By dedicating a day to cooking freezer meals and other recipes in advance, you will save time, money, and stress. Here are some ideas for doing it efficiently.
Preparing meals in advance saves a lot of time, money, and stress, particularly in households where adults work outside the home and there are hungry kids to feed. But it requires hard work, too, because you have to find the time and energy to make all those meals.
The best approach is to schedule a weekend ‘meal prep day,’ when you dedicate a full day (or even half day) to cooking massive quantities of multiple meals. You do it all at once, then you can relax knowing the freezer is stocked and there’s always a great meal on hand.
Writer Trent Hamm shares some great strategies for a successful meal prep day on The Simple Dollar. I’d like to share some of these below, as well as my own suggestions.
Plan in advance. This is so important! Don’t rush into a meal prep day. You need to prepare for it by listing exactly which recipes you’ll make, the number of batches, and what you need to buy. Check your pantry and fridge for ingredients that need to be used up and plan to incorporate those.
Shop in advance. Make sure your grocery shopping is finished by the time meal prep day rolls around. You want to be able to start cooking early in the day because it’s a big task.
Do some tasks ahead of time. Look at your recipes and see if there’s anything you can do a day or two before, if you’ve got extra time. For example, Hamm describes chopping a large quantity of onions, sautéing them, and refrigerating until cooking time. While this could be done on meal prep day, it saves a good chunk of time and effort and makes the process go more smoothly.
Choose recipes with overlapping ingredients. See if the same ingredient is called for in the various recipes you plan to make, such as onions. Instead of chopping an onion for each dish, chop all the onions required for the day’s cooking at once, then divide into appropriate amounts. This is particularly useful for finicky ingredients like fresh minced garlic and grated ginger root (if you’re into Indian food).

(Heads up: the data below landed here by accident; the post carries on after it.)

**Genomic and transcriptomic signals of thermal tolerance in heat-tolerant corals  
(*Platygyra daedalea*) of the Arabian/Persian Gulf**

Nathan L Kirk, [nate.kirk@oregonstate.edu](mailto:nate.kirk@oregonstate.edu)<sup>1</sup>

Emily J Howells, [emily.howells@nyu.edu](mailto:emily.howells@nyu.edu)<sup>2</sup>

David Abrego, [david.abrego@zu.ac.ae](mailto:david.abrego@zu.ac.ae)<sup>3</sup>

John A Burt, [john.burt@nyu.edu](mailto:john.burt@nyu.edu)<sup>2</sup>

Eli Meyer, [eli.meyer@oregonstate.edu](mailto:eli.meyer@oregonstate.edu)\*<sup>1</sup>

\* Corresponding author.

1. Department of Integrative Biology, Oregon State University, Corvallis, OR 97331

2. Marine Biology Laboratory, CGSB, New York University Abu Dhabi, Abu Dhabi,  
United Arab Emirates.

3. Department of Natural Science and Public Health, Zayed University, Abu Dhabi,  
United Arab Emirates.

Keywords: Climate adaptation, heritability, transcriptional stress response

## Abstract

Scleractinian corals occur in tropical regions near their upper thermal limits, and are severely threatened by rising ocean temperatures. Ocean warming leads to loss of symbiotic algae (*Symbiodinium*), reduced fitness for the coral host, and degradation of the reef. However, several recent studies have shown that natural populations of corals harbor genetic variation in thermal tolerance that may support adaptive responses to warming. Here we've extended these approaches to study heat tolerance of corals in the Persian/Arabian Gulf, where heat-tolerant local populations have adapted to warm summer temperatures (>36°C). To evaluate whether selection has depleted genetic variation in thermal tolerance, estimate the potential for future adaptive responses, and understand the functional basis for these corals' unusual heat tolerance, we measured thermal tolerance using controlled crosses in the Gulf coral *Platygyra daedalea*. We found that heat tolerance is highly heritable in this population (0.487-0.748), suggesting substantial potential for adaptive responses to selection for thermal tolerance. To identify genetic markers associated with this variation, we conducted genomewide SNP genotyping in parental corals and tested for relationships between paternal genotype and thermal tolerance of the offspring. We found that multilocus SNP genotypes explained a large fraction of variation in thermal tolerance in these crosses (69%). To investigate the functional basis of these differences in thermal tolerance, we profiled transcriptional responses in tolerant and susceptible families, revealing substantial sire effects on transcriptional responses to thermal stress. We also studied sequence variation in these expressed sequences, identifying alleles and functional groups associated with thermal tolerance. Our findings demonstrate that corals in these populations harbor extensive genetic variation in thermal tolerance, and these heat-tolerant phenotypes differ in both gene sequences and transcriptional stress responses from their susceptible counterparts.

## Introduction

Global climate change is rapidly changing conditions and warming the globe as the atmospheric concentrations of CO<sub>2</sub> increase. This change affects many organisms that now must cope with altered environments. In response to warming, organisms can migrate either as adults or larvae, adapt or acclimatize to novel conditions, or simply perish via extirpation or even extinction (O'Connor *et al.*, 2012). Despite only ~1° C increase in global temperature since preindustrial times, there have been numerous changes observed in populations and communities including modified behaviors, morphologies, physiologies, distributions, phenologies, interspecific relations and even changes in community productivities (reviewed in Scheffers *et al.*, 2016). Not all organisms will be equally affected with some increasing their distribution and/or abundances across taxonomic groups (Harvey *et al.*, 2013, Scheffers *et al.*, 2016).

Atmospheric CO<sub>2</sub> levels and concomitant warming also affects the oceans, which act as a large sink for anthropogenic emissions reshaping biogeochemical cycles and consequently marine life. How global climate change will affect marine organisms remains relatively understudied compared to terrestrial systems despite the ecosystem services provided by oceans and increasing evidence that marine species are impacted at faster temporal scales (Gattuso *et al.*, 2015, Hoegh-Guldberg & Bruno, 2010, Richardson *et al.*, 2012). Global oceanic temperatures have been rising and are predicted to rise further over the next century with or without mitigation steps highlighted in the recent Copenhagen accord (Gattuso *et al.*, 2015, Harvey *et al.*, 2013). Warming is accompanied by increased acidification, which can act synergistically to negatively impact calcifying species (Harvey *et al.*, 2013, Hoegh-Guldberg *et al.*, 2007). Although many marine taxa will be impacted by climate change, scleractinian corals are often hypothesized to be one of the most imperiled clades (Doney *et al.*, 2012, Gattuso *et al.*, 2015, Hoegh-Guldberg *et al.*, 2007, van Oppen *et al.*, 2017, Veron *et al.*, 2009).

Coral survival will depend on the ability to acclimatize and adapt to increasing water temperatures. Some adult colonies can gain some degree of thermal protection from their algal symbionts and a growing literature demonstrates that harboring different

Make soups and stews thicker than usual. If they’re destined for the freezer, vegetables tend to leak their moisture into the surrounding soup or stew, which means it’s much more watery when you reheat. Add less liquid to avoid this problem.
Protein doesn’t mean meat. You’ll save a lot of money by using vegetarian sources of protein, like beans, tofu, tempeh, paneer, and eggs. Dishes made with these ingredients freeze and reheat beautifully.
Make sure you have containers. You don’t want to find yourself with not enough containers for storage at the end of a big cooking day. Also, make sure there’s room in the freezer for all the meals. If you have a chest freezer, then you can cook a month’s worth of food; if you’ve only got the top part of your refrigerator, you’re likely limited to a week’s supply. You can store some dishes in the fridge for a few days before cooking. (Do this anyways so you have food for dinner on meal prep day.)
Label everything. Do not put anything in the freezer without a label! No matter how confident you are about identifying frozen foods, they have a knack for resembling each other. (I once briefly mistook a frozen placenta for a flank steak. After thawing slightly, the placenta went back in the freezer until I was able to bury it outside and we had beans for dinner.) Use masking tape and a marker. Hamm writes:
“If I made a batch of root vegetable stew, I’ll mark it with something like ‘1/24/2017 – Root Vegetable Stew – V’ with the V in a circle if the stew is vegan. I’ll often put another strip on the item and describe what needs to be done to finish prepping. For example, on a pan of lasagna, I might write ‘Bake 350 F for 50 min uncovered after 1 day thaw in fridge.’ The goal is to minimize the amount of thinking or work that I have to do when I pull that item out to use it.”
Cook foods that can be mixed and matched. You don’t always have to make full meals. Another great approach is to cook/prepare large batches of ingredients that can be assembled into a variety of meals over the course of a week. For example, if you eat meat, roasting a free-range chicken will give you material for days, for dishes such as risotto, quesadillas, salad, soup. Cook a giant pot of beans, a pot of spiced rice, a pan of boiled eggs, a pan of oven-roasted veggies. Wash and dry salad greens, make a jar of vinaigrette, slice vegetables and store in towel-lined container in the fridge. These can be used for salads or quick stir-fries or omelets.
Go beyond stovetop cooking. Meal prep day can include baking (loaves of bread, cookies, granola, muffins) and freezing raw pizza dough or parchment-wrapped logs of cookie dough. Hamm suggests preparing freezer containers with the contents of soup and slow-cooker stews, so that all you have to do is thaw at night, dump it in, and let it simmer all day.
You can even freeze sandwiches for lunches. Just leave off the condiments and layer cheese and deli meat (I use vegan substitutes) in a sliced roll. In the morning, add a slice of lettuce and a slather of mayo or mustard, and it will be thawed by lunchtime.
Hopefully these tips will get you thinking about how to streamline food prep. I know that changing my own approach at home has made a world of difference in recent weeks. If you have any other advice, please share in the comments below.